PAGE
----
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Greek Default, Puerto Rico Debt Service Problems to Have Little Effect on US Rates

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Greece lies on the brink of collapse. Puerto Rico debt obligations are all going to be restructured. Even if the worst case were to materialize (both default), US interest rates are not headed for a dramatic decline or even a retest of recent lows. They are headed up.

The news is pretty bleak, but I still don’t believe that Greece will default.  I certainly do not believe that Puerto Rico will default.  In Greece, the institutions that hold these bonds (now German banks and US hedge funds) are too sophisticated to force a situation where they receive nothing, than to allow a situation where they recover a restructured bond.   The voting electorate is also too smart to vote for a continuation of the utter chaos they will see this week.  Same will be true in Puerto Rico.  Everybody will back away from the brink. These places are simply not analogous to Russia or Thailand in 1997, or Argentina more recently.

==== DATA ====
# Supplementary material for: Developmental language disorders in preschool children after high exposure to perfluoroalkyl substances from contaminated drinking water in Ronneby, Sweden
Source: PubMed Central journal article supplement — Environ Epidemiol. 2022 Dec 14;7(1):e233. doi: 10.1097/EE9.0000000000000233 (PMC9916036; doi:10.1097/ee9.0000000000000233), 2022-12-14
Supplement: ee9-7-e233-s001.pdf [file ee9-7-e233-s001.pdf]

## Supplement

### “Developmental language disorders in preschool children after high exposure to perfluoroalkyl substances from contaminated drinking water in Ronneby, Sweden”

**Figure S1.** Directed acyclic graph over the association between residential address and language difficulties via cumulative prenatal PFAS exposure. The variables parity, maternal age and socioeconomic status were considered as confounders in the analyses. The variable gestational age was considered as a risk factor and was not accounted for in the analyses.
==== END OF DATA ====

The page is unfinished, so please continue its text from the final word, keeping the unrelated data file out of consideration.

If we were to see a Greek default, there will be increased dislocation and volatility in the equity and debt markets.  The reality however remains that Greece is such a small part of the European economy, it will not have a major impact on anything.  Austerity in Europe will probably continue, but the US will continue its path towards pulling out of the low interest rate environment that we have been in.  In short, Greece is just to small and inconsequential and events there are not going to cause the rush to safety in the US that would drive long term bond yields back down.